Industry Bodies Accept That Financial Benchmarks Need Regulation
Industry bodies are beginning to come out in support of the need for more regulation regarding the setting of financial benchmarks following the Libor-fixing controversy earlier this year.
Last week, the European Commission launched a consultation on possible new rules for the production and use of indices serving as benchmarks in financial and other contracts.
“It is important to restore trust in these benchmarks, given the important role they play in establishing rates for many loans and market transactions,” said Iain Coke, head of the financial services faculty at the Institute of Chartered Accountants in England and Wales, a U.K. accounting body.
“We expect regulators to increasingly demand independent assurance on important market benchmarks, such as Libor. This is a global issue.”
The review is in response to the Libor scandal, when Barclays was hit with a record fine of $451 million by U.K. and U.S. regulators in June after Britain’s second biggest bank admitted to manipulating the London interbank lending rate, or Libor, from 2005-2009 to the benefit of its derivative positions, as well as by a desire to make the bank look stronger during the financial crisis. Other banks are likely to be implemented in the scandal.
The European Commission’s consultation is encompassing not just interest benchmarks such as Libor but also commodities and real estate price indices and it aims to identify possible shortcomings at every stage in the production and use of benchmarks.
Regulators and policymakers across Europe have hardened their stance on Libor since the crisis first broke and are looking to impose strict new rules over financial benchmarks.
“The international investigations under way into the manipulation of Libor have revealed yet another example of unacceptable behavior by banks,” said Michel Barnier, the European Union’s financial services commissioner.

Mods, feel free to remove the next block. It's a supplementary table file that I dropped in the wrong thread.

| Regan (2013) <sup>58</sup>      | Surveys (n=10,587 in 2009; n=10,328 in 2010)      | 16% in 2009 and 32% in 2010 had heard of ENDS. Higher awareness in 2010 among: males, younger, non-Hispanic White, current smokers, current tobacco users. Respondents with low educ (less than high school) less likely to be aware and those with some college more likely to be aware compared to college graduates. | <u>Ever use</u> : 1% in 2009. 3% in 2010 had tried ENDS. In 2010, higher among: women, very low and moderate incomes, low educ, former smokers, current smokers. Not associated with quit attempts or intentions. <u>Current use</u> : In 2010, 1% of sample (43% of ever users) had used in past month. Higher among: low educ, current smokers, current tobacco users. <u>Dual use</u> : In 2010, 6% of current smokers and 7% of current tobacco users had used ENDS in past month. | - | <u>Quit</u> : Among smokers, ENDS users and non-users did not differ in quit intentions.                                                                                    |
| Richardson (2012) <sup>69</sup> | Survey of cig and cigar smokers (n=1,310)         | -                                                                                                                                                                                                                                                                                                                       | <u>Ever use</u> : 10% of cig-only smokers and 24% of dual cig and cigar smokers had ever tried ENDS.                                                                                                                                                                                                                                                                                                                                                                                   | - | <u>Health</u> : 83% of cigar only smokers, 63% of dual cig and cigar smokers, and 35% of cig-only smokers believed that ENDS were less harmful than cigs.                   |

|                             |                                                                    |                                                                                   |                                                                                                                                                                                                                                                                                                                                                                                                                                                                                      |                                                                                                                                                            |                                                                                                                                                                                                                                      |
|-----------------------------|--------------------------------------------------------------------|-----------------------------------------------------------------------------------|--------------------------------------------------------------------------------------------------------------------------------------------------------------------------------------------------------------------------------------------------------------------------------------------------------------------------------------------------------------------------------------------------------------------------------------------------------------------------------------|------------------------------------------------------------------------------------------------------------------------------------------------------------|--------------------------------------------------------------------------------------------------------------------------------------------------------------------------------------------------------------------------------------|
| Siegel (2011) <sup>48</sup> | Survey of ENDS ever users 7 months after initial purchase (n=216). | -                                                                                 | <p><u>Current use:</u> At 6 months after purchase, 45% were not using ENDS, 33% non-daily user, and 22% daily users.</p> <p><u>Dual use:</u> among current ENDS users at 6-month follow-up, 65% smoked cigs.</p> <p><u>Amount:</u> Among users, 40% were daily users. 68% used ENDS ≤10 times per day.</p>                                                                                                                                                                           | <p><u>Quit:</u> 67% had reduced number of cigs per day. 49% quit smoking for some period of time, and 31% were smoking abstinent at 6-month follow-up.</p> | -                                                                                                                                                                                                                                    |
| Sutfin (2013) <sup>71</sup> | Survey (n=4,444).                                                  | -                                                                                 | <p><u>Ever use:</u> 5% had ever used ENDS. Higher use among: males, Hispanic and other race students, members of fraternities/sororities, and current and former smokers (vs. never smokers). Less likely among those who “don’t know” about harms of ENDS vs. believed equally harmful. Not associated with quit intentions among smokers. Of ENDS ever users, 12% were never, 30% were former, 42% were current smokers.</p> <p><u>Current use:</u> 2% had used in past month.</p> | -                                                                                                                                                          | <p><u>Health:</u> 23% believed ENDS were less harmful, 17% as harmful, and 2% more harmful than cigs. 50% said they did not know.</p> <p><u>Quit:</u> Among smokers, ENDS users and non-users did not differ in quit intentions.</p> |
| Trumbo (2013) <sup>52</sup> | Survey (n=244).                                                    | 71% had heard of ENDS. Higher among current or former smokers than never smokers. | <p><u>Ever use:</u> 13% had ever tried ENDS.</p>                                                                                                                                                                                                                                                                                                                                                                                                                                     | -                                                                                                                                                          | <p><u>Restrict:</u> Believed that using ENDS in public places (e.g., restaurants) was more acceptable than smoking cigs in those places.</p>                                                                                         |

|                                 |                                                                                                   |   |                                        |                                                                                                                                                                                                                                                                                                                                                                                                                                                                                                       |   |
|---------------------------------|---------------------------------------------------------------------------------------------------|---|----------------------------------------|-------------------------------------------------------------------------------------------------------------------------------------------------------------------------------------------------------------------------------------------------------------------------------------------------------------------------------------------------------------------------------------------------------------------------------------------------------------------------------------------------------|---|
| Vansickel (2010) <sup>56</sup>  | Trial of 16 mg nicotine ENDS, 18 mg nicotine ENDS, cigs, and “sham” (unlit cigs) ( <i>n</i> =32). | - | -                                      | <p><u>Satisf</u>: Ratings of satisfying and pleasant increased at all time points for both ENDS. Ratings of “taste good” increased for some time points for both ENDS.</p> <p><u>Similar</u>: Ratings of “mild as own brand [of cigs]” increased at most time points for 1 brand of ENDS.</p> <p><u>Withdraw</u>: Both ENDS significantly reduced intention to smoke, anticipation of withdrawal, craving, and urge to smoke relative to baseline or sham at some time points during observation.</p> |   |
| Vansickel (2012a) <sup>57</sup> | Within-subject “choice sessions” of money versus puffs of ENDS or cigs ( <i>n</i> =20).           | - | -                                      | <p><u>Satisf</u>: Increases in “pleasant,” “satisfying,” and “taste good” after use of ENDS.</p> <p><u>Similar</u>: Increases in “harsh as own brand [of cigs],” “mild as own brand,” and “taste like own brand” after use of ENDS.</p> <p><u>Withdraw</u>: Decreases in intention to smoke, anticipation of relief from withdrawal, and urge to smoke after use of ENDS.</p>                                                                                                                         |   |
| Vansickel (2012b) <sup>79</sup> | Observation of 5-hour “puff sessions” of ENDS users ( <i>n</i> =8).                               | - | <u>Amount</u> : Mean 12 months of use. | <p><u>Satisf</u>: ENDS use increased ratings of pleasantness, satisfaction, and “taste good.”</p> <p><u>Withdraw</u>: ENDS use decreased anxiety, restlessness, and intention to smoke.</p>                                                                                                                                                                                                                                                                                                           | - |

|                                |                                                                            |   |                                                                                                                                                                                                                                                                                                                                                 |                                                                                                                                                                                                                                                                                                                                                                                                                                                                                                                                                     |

“Doubts about the accuracy and integrity of indices can undermine market confidence, cause significant losses to consumers and investors and distort the real economy.
“It is therefore essential that steps are taken to ensure the integrity of benchmarks and the benchmark-setting process. The Commission has already acted quickly to amend its legislative proposals on market abuse. However, changing the sanctions regime alone may not be sufficient: wider work is required to regulate how indices and benchmarks are compiled, produced and used.”
In the U.K., where the scandal first broke, the Financial Services Authority’s managing director, Martin Wheatley, is currently undertaking a government-sponsored review into how the Libor rate is set and if it should be regulated, in a process known as the Wheatley Review.
While the world’s top central banks today agreed to set up a joint body to look into the setting of Libor.
In response, one industry trade body, the Global Financial Markets Association (GFMA), a lobby group for financial and capital market participants, today published its ‘Principles for Financial Benchmarks’, an outline of proposed best practice in the governance of financial benchmarks, which, it says, will promote both the integrity and efficiency of the global financial markets.
“In light of the ongoing regulatory review of financial benchmarks, GFMA members have come together to determine a set of best practices, which are needed to enhance the integrity of global financial markets,” said Simon Lewis, chief executive of GFMA.
“The key benchmark indices around the world need to be subject to consistent, transparent and sound practices to ensure the smooth functioning and efficiency of global financial markets. GFMA’s principles are a major step forward in helping achieve this.”
GFMA’s paper sets out key responsibilities for the benchmark sponsor and clearly defines the roles of the participants, as well as identifying ways to ensure transparency in the benchmarking process. The principles cover areas of benchmark quality, record-keeping, data collection and outline how to set up effective controls.
The lobby group recommends that all systemically important financial benchmarks should be subject to regulatory oversight while all new regulation should be developed consistently across jurisdictions, avoiding duplication and defining clear regulatory responsibilities for oversight of individual benchmarks.
Currently, Libor, which serves as a fundamental benchmark to around $800 trillion of financial contracts around the world and is commonly used for Sterling and U.S. dollar denominated instruments, is a notional rate set by a 16-bank panel based in London. Members of the panel of international banks are all asked how much it would cost to borrow from one and other and the rate is then calculated and published daily by market data vendor Thomson Reuters on behalf of the British Bankers’ Association, a trade association for the U.K. banking and financial services sector, covering a variety of currencies and time durations.
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